On April 23, 2024, the Federal Trade Commission (the “FTC”) voted 3-2 to issue its final rule (“Final Rule”) banning employers from imposing noncompete clauses on their workers, approving the final rule in a special Open Commission Meeting. Continue Reading FTC Votes to Ban Noncompete Agreements

In Murray v. UBS Securities, LLC, 601 U. S. ____, 2024 WL 478566 (2024), the United States Supreme Court (Sotomayor, J.) held that whistleblowers do not need to prove their employer acted with “retaliatory intent” to be protected under the Sarbanes-Oxley Act. Instead, all whistleblower plaintiffs need to prove is that their protected activity was a “contributing factor” in the employer’s unfavorable personnel action. The decision establishes a lower burden of proof for whistleblowers alleging retaliation and, conversely, reaffirms a greater burden on employers who must demonstrate the absence of retaliation under the heightened “clear and convincing” evidentiary standard in order to prevail.Continue Reading United States Supreme Court Endorses Low Burden of Proof for Whistleblowers

In Cantor Fitzgerald, L.P. v. Ainslie, No. 162, 2023, 2024 WL 315193 (Del. Jan. 29, 2024), the Delaware Supreme Court held enforceable a “forfeiture for competition” provision in a limited partnership agreement, upholding “the freedom of contract” and enforcing “as a matter of fundamental public policy the voluntary agreements of sophisticated parties.” Given Delaware’s recent shift from its typically non-compete friendly stance, the Delaware Supreme Court’s ruling is beneficial for employers.Continue Reading Delaware Supreme Court Enforces Forfeiture for Competition Provision in Partnership Agreement

In Segway Inc. v. Hong Cai, 2023 Del. Ch. LEXIS 643 (Del. Ch. Dec. 14, 2023), the Delaware Court of Chancery (Will, V.C.) dismissed a claim for breach of fiduciary duty brought by Segway Inc. (the “Company”) against its former President and Vice President of Finance (the “Officer”). The Company framed its claim as a claim for breach of the duty of oversight, commonly known as a Caremark claim (from the landmark case In re Caremark Int’l Inc. Derivative Litigation, 698 A.2d 959 (Del. Ch. 1996)). Continue Reading The Delaware Court of Chancery Confirms that Duty of Oversight Claims Against Corporate Officers Are Subject to the Same High Pleading Standards Applicable to Duty of Oversight Claims Against Corporate Directors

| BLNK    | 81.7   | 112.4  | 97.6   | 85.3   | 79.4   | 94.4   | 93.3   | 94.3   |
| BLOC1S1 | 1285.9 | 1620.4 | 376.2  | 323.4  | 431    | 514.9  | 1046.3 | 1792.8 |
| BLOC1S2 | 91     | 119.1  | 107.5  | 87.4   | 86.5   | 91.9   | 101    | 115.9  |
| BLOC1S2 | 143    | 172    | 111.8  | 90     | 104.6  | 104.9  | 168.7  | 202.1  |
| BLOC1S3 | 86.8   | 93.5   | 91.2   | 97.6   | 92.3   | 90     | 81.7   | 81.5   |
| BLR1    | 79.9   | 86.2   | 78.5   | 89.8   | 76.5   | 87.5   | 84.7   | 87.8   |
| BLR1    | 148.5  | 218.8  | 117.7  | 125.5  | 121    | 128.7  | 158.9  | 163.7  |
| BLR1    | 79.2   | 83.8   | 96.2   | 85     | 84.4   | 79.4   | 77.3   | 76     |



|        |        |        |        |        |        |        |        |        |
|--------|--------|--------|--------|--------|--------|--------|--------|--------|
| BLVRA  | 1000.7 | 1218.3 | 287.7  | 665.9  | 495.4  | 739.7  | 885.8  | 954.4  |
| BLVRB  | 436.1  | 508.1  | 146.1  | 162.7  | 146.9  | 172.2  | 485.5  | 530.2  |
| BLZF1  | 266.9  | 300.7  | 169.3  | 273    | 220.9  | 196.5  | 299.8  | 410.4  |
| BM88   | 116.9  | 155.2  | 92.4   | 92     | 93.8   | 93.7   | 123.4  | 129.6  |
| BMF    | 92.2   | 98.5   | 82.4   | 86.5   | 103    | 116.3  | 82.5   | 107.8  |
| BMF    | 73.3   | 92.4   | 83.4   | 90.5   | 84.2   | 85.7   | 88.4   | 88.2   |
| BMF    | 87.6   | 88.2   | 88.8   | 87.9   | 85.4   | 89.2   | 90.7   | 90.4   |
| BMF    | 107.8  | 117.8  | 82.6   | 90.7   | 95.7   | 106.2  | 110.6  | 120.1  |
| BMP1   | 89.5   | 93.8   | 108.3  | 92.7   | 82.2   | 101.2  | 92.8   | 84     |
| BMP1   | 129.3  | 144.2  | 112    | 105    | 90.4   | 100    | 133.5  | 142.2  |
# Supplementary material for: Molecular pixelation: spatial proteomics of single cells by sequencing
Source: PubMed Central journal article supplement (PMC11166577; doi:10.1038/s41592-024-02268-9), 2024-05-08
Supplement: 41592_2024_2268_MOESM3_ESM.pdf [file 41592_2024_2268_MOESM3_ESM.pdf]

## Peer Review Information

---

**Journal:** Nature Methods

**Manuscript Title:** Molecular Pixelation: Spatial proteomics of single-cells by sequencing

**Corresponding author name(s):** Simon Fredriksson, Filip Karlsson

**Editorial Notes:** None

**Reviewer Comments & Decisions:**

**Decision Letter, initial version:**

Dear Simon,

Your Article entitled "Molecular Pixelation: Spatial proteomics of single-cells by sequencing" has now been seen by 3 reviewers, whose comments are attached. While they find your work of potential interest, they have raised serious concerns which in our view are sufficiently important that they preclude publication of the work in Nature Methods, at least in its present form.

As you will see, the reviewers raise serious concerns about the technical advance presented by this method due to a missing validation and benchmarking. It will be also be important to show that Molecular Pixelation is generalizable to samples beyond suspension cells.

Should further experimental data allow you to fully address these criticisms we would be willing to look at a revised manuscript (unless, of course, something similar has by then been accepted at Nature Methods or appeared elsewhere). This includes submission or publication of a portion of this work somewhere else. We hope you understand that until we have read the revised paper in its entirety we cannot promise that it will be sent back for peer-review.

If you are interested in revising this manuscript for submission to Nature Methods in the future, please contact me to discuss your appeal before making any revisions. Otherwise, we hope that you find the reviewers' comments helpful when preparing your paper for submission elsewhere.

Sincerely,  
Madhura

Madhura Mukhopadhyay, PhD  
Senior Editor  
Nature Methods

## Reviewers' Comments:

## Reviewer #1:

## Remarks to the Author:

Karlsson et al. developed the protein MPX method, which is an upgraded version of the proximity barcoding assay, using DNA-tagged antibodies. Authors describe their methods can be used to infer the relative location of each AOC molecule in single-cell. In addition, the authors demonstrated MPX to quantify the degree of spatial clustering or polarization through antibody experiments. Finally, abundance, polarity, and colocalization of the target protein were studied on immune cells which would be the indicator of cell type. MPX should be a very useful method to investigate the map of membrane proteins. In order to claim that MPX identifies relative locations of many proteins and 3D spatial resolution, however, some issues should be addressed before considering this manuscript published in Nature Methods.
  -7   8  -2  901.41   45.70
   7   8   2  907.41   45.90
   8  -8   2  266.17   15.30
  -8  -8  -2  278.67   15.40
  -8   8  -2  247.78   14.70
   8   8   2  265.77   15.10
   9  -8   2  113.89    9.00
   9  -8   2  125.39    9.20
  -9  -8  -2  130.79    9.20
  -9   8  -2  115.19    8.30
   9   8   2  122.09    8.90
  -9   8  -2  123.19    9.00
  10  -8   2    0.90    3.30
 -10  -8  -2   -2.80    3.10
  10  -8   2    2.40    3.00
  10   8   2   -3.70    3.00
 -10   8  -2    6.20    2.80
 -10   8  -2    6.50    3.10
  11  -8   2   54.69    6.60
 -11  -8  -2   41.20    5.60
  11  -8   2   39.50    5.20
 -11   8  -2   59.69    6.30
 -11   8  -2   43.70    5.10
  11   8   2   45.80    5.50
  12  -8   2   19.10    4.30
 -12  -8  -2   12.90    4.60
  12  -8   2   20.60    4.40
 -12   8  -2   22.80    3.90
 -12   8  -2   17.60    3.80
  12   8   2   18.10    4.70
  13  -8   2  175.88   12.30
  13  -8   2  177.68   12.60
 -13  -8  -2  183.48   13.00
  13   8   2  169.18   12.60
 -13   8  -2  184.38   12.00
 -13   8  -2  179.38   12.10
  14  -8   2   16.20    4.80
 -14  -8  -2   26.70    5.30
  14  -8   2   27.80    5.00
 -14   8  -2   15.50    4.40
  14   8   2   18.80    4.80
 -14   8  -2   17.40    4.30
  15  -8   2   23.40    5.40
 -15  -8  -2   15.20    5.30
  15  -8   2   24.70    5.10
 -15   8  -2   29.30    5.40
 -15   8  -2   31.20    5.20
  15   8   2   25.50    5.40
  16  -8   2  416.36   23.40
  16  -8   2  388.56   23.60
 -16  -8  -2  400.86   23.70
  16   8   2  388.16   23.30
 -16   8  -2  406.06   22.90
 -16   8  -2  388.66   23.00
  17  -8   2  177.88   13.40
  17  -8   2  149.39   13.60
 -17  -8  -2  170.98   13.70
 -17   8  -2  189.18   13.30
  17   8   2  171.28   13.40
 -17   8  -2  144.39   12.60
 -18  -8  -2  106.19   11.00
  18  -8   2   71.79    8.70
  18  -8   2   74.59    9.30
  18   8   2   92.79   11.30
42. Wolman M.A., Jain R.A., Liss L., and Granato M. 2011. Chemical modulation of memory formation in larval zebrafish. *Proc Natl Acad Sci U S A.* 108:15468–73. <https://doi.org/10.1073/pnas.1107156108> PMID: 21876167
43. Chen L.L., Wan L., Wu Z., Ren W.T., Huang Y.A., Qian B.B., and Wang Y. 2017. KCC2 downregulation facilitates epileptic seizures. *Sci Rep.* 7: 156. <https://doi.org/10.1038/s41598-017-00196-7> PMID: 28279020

California has passed two new items of legislation, Senate Bill 699 and Assembly Bill 1076, which will further regulate and restrict the enforcement of employment non-compete agreements in California, and expand the scope of remedies for those affected by them. These new laws will become effective on January 1, 2024, and now is the time for employers to assess and revise their employment-related agreements and restrictive covenants accordingly. As detailed below, they also require employers to notify employees and certain former employees by February 15, 2024 that certain non-compete provisions are void. The two new laws are detailed below.Continue Reading California Strengthens Non-Competition Law

On August 1, 2023, the Department of Homeland Security (“DHS”) released a new Form I-9. An I-9 form is used to verify work authorization for new hires and a limited number of existing employees. The previous I-9 was issued in 2019 and expires on October 31, 2023. Continue Reading DHS Releases New Form I-9 and Video Verification Procedure: Guidance and Checklists for Busy Employers